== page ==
In a set of classes taught by Amos Sensei in May 1999 (when the original version of this article was written), many points were discussed. Among these points were obvious ones that most of us had forgotten or become lazy about. Also, there were small details of which many had previously not heard. But, above all else, I think the most important thing mentioned at these classes was probably the idea that “looking pretty” should not be nearly as much of an ideal during training as focusing on the given point of that particular exercise.
It is one thing to hear some old ugly guy scream this. But Richard (Amos Sensei) has not only placed high numerous times in international competition in both kumite and kata– He has also worked as a model and had studied acting! He knows what it is like to “look pretty” and has done so more often than not. But he also knows from experience that there are times to get realistic and concentrate on what works. If fighting for your life, effectiveness is the main priority. Why should daily training be any different?
Is this to say that we should not concentrate on having good form? On the contrary! Good form should always be an ideal when training. But some people get lazy and restrict their form in an attempt to not overextend past their comfortable range of abilities. Sometimes, it is better to forget how we look to others and instead focus on what we are actually trying to accomplish.
Let’s take a simple training concept as an example: making a long stance. When stepping forward, back or turning, many high-ranking students (and even instructors) can often be seen using shorter stances than their juniors even when the instructor has told everyone that they should be making large steps. Some can legitimately blame age for their short stances. Many others claim that the more advanced practitioners no longer require the long stances to be powerful. Both of these may be true. But should we not continue to at least try to reach our maximum when the emphasis is on long stances?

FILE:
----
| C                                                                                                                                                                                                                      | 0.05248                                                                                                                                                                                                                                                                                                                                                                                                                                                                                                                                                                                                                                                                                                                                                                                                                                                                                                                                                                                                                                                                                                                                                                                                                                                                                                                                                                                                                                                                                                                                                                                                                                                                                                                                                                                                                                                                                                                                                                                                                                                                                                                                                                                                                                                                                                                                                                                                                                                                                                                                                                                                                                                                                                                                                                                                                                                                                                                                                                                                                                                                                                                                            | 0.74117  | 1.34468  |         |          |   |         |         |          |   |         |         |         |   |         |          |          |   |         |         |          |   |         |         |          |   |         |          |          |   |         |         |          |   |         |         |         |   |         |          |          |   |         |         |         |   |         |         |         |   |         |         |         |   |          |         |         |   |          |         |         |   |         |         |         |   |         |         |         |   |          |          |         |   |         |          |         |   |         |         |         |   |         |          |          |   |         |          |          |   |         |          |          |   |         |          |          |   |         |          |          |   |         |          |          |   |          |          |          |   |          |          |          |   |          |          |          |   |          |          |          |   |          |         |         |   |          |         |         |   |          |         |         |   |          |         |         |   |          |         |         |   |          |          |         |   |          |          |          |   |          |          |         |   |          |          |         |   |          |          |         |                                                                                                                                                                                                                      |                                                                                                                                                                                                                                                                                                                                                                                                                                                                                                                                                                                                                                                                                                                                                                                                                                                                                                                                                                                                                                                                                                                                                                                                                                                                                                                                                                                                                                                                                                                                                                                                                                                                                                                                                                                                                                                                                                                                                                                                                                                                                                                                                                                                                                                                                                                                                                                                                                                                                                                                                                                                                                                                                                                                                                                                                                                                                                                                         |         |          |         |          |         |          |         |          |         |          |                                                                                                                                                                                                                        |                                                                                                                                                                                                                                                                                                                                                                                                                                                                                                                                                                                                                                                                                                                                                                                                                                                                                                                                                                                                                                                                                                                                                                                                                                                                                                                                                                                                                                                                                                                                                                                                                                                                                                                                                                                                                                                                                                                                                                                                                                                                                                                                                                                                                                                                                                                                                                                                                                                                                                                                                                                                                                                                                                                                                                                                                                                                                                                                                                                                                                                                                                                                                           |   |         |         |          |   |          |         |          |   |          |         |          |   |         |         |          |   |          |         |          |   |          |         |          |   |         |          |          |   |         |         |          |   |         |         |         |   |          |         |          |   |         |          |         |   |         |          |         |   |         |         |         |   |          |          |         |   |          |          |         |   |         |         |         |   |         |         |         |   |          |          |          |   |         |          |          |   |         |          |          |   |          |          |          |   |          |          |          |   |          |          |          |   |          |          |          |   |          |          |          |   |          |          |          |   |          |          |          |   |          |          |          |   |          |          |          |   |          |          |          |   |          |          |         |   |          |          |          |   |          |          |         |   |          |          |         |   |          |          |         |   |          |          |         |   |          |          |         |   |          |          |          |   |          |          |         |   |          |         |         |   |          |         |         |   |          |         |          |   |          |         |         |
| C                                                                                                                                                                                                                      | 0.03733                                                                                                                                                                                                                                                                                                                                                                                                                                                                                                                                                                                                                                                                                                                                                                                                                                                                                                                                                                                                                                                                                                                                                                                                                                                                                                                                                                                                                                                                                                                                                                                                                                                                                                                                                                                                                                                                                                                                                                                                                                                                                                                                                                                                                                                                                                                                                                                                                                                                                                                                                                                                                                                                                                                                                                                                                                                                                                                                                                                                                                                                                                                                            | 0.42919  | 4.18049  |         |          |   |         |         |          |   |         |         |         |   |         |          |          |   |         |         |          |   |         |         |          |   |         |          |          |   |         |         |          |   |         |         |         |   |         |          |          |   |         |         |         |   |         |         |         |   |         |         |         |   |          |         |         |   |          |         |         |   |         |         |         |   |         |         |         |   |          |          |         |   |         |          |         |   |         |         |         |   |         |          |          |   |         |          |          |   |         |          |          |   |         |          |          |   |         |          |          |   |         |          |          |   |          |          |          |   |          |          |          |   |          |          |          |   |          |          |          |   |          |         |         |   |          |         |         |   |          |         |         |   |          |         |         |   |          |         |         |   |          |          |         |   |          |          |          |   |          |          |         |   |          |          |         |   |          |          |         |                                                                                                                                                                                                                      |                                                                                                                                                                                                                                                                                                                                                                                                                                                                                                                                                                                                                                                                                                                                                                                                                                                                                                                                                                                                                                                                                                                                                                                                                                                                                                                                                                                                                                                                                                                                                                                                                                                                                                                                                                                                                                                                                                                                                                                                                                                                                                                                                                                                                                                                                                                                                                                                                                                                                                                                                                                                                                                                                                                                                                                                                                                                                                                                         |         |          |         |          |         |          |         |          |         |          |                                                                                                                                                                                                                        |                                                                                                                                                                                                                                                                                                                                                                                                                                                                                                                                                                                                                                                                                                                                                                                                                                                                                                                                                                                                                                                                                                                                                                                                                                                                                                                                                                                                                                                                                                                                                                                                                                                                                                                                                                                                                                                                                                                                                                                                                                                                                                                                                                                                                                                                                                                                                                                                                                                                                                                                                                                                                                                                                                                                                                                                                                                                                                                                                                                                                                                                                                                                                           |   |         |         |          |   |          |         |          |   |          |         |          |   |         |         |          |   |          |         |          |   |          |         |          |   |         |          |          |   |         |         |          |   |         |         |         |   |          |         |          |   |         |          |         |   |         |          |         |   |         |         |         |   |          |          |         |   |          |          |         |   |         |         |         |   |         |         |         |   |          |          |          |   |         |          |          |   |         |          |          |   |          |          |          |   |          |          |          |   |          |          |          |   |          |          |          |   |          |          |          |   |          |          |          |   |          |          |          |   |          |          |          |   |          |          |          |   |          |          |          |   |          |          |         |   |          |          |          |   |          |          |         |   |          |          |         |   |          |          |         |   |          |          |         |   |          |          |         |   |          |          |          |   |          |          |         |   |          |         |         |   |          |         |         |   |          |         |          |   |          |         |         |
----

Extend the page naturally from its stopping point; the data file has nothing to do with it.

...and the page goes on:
Some may step out far but slide the back leg immediately forward, making a small stance. This may sometimes have its purpose. But for this training exercise, that may be considered simply cheating.
So then we stretch out into a long stance, but perhaps a bit slowly. Again some may blame a lack of flexibility as a limiting factor on the stance length. I am not advocating stretching to the point of tearing muscles. But let’s try to be as realistic as can be mustered. Now the question comes up: “How long is too long?” (For more on this subject, please see my 3/98 article.) If the training is focusing on a long stance, maybe there is no such thing as “too long.” In such a case, if the emphasis is to have a long stance at the expense of everything else, maybe it would be acceptable to lift the back heel, or even to fall over after the stretch. What is important is that the feeling is there; that the point of the exercise is being trained. The student stretching to her limit but falling over every other time may actually be getting more training out of the exercise than the guy who looks very nice and sharp with his snappy punches, but doesn’t bother to stretch into a long stance as instructed.
In this respect, trying to act cool and make a “pretty” technique will not serve the practitioner well. I understand that not everyone practices Karate for self-defense. But even those who are practicing as an art form or self-expressionism would probably have something to gain from trying to extend past “comfort zones” when focusing on a particular point in class.
Copyright © 2022, Jon Keeling (originally published June 1999)